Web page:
PATCHES of rainbow-hued photos mounted on huge white frames could not be mistaken for anything but a lomography exhibit. These greeted mall-goers strolling along Bonifacio Global City during Passionfest 2008. LomoManila, a lomography club, was invited to put up an exhibit showcasing the complex from morning until night. Various scenes were caught in a fraction of a second by eight photographic teams with some 10 members each, and the pictures were made into a collage.

Vibrantly colorful and offbeat shots composed the collage. They were mostly of one dominating color, a trademark of LomoManila. The triangular positions of the pictures remind one of banderitas or festive flags ever-present in Philippine fiestas.

There were the common lomo shots—ones with either low lighting, or slightly out of focus, or highly saturated with color. Likewise, there were unusual pictures taken with fisheye and multilens cameras, and shots with vignettes, or blurred edges.

Some were done playfully using simple images. An example would be a restaurant logo’s reflection on a glass, shot at an angle as to multiply the logo.
Fancy as the shots might be, Jimmy Hilario of LomoManila made it clear that all of the photos were taken with the use of cameras especially designed for lomography. These cameras have rainbow-colored flashes for saturated shots, so that there was no way the shots could have been enhanced digitally.

“You can’t [take these kinds of shots] with digital cameras. We can attest these were all printed in a one-hour photo shop,” Hilario said. “We finished shooting [a couple of days prior to the opening], so we really have no time to edit these in Photoshop.”

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Despite lomography’s long existence, its principle of “just-shoot-and-get-lucky” never fails to clash with some photographers’ perception of lomography as simply “an excuse for bad shots”.

However, LomoManila members claim they’re not different from other photographers. They explained they’re masters of toy cameras in contrast to the sophisticated gear used by “serious” photographers.

Cult classic

Lomography started with the discovery in 1992 of a portable camera by Russians Igor Petrowitsch Kornitzky and Michail Panfilowitsch Panfiloff. The Japanese-made camera inspired the two to make their own. Panfiloff, the director of the Leningrad Optical-Mechanical Amalgamation (also known as Lomo), together with Kornitzky, developed the Lomo Kompakt Automat or LC-A, the first true lomo camera.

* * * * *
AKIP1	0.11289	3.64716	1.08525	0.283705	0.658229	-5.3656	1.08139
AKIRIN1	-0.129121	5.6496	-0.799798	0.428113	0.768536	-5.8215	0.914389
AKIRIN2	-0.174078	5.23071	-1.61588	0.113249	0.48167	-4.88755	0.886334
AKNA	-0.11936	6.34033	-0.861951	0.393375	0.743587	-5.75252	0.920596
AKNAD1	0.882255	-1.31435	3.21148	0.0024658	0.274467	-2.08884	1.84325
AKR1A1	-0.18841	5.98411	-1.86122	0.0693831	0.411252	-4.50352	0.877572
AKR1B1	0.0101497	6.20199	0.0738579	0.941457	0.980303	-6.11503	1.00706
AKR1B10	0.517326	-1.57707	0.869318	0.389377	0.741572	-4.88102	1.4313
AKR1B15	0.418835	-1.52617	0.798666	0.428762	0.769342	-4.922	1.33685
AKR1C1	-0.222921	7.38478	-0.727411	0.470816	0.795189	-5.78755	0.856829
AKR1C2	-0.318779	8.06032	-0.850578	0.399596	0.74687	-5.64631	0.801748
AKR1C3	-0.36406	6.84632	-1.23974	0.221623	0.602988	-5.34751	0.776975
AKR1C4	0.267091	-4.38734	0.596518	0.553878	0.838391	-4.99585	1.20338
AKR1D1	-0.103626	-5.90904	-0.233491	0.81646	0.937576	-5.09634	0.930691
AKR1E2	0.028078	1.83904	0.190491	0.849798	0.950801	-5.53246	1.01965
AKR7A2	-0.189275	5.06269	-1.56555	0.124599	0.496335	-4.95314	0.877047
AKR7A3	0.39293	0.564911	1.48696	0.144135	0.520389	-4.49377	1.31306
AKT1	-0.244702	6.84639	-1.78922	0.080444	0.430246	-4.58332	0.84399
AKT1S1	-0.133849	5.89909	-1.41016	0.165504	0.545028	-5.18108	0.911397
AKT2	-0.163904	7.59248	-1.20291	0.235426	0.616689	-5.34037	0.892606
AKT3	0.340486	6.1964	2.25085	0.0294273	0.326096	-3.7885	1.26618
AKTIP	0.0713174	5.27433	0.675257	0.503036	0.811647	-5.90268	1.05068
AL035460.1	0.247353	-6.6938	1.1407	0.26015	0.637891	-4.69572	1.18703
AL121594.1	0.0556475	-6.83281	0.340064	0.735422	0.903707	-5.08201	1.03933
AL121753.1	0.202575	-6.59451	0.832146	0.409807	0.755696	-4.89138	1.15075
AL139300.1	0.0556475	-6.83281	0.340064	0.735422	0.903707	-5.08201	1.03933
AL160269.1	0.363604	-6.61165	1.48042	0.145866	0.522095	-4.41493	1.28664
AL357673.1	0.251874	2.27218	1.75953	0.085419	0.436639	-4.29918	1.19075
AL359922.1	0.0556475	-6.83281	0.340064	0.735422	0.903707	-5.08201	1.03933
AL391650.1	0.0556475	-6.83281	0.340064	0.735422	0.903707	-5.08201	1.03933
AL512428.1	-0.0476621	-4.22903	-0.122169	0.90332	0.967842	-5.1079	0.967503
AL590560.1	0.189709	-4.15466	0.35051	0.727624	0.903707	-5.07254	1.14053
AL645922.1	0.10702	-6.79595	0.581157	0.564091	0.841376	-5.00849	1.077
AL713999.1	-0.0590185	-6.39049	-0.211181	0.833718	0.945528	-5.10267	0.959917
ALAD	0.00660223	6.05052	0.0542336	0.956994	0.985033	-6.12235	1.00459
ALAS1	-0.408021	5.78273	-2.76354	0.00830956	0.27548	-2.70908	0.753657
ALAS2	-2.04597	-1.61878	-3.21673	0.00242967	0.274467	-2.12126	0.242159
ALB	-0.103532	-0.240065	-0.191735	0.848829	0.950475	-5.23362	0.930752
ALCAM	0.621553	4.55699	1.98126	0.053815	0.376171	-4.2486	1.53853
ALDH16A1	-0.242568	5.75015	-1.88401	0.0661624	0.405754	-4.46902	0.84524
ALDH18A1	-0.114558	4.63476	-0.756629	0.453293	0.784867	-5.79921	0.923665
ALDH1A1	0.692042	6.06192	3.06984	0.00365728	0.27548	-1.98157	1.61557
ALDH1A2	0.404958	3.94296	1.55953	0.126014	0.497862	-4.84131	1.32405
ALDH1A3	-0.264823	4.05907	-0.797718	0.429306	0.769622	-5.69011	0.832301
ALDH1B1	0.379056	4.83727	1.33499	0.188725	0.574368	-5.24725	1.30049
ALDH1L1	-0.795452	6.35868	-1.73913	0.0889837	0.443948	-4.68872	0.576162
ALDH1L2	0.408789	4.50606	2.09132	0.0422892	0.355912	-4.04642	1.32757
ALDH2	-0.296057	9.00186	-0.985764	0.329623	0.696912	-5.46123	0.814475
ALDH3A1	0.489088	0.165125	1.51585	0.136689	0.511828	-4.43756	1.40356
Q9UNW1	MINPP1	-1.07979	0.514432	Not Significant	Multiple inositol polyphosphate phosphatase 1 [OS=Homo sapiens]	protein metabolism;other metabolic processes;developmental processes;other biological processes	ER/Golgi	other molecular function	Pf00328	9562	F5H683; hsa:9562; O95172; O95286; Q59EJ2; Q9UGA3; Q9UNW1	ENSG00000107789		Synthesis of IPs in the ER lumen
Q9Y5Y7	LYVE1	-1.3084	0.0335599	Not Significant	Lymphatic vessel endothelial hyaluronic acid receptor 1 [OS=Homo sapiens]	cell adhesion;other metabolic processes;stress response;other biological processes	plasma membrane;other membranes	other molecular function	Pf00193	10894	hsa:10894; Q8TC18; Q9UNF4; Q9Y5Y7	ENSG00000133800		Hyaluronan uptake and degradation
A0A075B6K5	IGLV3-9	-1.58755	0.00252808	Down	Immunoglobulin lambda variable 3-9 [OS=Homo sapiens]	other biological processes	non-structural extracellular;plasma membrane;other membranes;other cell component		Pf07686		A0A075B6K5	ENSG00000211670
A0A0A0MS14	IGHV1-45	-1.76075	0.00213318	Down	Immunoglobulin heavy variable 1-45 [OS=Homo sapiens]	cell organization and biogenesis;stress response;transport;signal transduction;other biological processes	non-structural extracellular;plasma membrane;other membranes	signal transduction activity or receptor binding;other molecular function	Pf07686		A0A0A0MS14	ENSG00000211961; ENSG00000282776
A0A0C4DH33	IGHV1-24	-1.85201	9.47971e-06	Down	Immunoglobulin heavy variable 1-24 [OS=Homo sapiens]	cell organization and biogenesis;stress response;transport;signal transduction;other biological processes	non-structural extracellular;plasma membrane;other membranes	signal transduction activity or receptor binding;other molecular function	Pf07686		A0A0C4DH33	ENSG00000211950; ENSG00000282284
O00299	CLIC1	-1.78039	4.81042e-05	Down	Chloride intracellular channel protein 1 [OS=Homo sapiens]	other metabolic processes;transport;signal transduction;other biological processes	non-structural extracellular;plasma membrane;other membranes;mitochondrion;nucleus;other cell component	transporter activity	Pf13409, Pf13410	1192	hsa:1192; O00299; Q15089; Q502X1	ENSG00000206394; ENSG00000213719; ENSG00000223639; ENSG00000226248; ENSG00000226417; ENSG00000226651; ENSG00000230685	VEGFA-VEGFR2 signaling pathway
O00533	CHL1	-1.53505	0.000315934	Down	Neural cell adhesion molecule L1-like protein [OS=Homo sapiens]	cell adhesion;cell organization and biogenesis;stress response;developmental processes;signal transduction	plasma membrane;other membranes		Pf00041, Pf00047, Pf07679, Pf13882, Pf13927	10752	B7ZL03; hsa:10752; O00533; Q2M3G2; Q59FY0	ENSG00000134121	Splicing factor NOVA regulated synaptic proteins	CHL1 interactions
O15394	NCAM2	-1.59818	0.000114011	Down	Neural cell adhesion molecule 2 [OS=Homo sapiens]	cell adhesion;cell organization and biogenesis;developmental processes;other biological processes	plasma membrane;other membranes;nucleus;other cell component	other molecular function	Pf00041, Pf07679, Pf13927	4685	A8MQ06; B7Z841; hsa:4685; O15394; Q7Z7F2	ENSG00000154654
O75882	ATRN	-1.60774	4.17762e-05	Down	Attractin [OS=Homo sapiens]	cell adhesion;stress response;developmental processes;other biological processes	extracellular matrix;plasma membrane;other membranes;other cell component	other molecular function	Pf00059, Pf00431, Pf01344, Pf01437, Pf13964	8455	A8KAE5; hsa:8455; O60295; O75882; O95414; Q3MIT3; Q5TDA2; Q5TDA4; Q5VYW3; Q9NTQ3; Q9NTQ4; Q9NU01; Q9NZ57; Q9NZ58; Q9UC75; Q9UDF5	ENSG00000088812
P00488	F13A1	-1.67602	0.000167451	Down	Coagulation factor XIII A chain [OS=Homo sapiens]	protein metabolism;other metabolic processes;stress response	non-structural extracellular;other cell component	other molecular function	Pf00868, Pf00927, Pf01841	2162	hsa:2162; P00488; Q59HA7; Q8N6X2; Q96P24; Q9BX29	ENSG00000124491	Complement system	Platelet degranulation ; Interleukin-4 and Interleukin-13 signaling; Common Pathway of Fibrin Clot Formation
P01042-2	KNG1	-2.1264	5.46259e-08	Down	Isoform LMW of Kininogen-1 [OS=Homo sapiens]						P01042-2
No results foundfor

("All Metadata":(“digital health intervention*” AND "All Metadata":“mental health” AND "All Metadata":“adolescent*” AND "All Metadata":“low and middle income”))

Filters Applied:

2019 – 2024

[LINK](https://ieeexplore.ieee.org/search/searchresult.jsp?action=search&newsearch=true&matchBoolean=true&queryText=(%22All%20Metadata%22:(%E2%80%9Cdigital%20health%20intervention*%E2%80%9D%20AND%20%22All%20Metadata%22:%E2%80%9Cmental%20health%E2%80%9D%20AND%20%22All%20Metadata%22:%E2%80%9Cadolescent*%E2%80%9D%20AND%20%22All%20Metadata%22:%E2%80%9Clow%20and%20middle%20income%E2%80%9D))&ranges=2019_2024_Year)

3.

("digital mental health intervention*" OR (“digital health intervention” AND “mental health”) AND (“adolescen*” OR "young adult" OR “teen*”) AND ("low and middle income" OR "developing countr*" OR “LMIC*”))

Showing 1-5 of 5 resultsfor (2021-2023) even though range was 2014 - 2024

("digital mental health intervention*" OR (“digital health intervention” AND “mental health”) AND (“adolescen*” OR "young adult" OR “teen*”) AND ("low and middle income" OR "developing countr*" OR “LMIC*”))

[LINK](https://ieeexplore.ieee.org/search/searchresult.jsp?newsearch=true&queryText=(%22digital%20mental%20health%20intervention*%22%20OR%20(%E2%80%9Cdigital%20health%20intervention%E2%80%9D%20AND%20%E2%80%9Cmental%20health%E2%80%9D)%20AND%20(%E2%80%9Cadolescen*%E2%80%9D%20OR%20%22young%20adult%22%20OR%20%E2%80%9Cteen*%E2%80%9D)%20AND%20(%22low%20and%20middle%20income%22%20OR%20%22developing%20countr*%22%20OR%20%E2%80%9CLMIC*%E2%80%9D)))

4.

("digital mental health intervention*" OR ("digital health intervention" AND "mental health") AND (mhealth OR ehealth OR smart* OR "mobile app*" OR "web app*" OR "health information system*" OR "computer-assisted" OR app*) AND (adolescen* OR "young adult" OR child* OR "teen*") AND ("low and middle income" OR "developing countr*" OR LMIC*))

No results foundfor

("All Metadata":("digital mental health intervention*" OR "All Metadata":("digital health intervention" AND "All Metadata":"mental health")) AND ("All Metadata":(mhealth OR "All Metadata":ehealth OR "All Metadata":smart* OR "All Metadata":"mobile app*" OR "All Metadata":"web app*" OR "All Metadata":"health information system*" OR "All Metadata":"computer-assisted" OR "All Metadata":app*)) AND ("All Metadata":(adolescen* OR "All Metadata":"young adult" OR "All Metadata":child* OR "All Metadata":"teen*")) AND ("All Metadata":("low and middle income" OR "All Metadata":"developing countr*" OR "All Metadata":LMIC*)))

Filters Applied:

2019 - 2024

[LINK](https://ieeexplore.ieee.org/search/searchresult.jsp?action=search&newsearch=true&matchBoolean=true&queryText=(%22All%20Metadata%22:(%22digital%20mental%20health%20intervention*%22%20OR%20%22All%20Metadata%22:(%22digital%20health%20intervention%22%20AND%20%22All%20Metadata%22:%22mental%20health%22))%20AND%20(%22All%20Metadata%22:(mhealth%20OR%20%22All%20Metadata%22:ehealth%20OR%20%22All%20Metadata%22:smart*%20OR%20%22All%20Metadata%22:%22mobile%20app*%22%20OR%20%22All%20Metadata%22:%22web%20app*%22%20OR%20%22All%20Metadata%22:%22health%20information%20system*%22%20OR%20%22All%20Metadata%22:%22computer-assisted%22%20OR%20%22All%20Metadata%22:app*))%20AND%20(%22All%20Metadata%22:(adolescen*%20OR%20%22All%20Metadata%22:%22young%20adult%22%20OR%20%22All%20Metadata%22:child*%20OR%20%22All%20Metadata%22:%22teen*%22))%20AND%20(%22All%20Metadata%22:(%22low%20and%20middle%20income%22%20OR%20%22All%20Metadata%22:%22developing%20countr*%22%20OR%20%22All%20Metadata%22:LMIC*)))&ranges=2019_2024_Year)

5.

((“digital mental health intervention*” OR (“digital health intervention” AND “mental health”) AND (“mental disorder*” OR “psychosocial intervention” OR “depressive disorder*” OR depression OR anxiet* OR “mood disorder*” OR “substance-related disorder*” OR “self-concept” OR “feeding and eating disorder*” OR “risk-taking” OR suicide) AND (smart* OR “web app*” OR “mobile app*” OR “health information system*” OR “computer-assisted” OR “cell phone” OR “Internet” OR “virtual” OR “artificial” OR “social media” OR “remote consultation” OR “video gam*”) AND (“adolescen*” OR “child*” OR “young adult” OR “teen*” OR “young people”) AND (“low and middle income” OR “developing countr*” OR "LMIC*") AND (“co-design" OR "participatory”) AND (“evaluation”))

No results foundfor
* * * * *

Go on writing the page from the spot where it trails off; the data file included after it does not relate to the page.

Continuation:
Lomo gave vacationing Austrian students permission to sell the Kompakt cameras outside Russia in 1995, after a brief dispute about the students’ rights to marketing the LC-A. The students formed Lomographische AG, recognized as the pioneer of lomography. Today, Lomographische reports on its official website that it has more than 70 lomographic “embassies” around the world; these are centers of lomography maintained by active online communities.

According to Lomographische, the main attraction of the lomo camera is its spontaneity. Hilario attests to this fact. “You never know what you will come up with until you have seen the shots,” he said.

Taking pictures with a digital camera kills that impulsive art sense because you see what you have taken in an instant, he added.

However, disillusioned lomo users complain that an entire roll of film would yield less than 20 passable shots, with only one or two standing out. But lomography enthusiasts like Hilario claim that half of the fun comes from picking the jewels out of the set.

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The hype surrounding the lomo camera, according to a reviewer for the Kompakt on Amazon.com, is just that—hype. The marketers hawk the camera as a worry-free way of taking pictures, but the absence of a built-in flash means more money to spend on appendage flashes, and more time and effort setting it up. This results in dark and oftentimes blurry pictures. Users with previous experience in photography might find it challenging, but usually find their way around it. Those who are just starting, however, would do well to use a manual single lens reflex camera before they attempt to take pictures with a Kompakt.

Lomo camera prices are also steep. A lomo camera package costs around P6,000 from the Lomography Society, the official international manufacturer and distributor of the cameras. A second-hand single-lens reflex camera can be bought for less, and for amateur photographers, can be handled better. A Kompakt needs a steady hand and an eye trained to look for artistic angles, two things a beginner has yet to develop.

One must know the rules of photography before he can bend them, said professional photographer and former UST CFAD student Kleyr Dela Cruz. And bending the rules of photography is something a lomographer is bound to do. As such, a little guidance on the matter is something that is not unwelcome. A fresh perspective is always appreciated, whether in photography or in other things.

“It’s just a matter of seeing things differently,” Hilario said. “Something so casual can turn out good.”

Serendipity, apparently, favors the lomographer.

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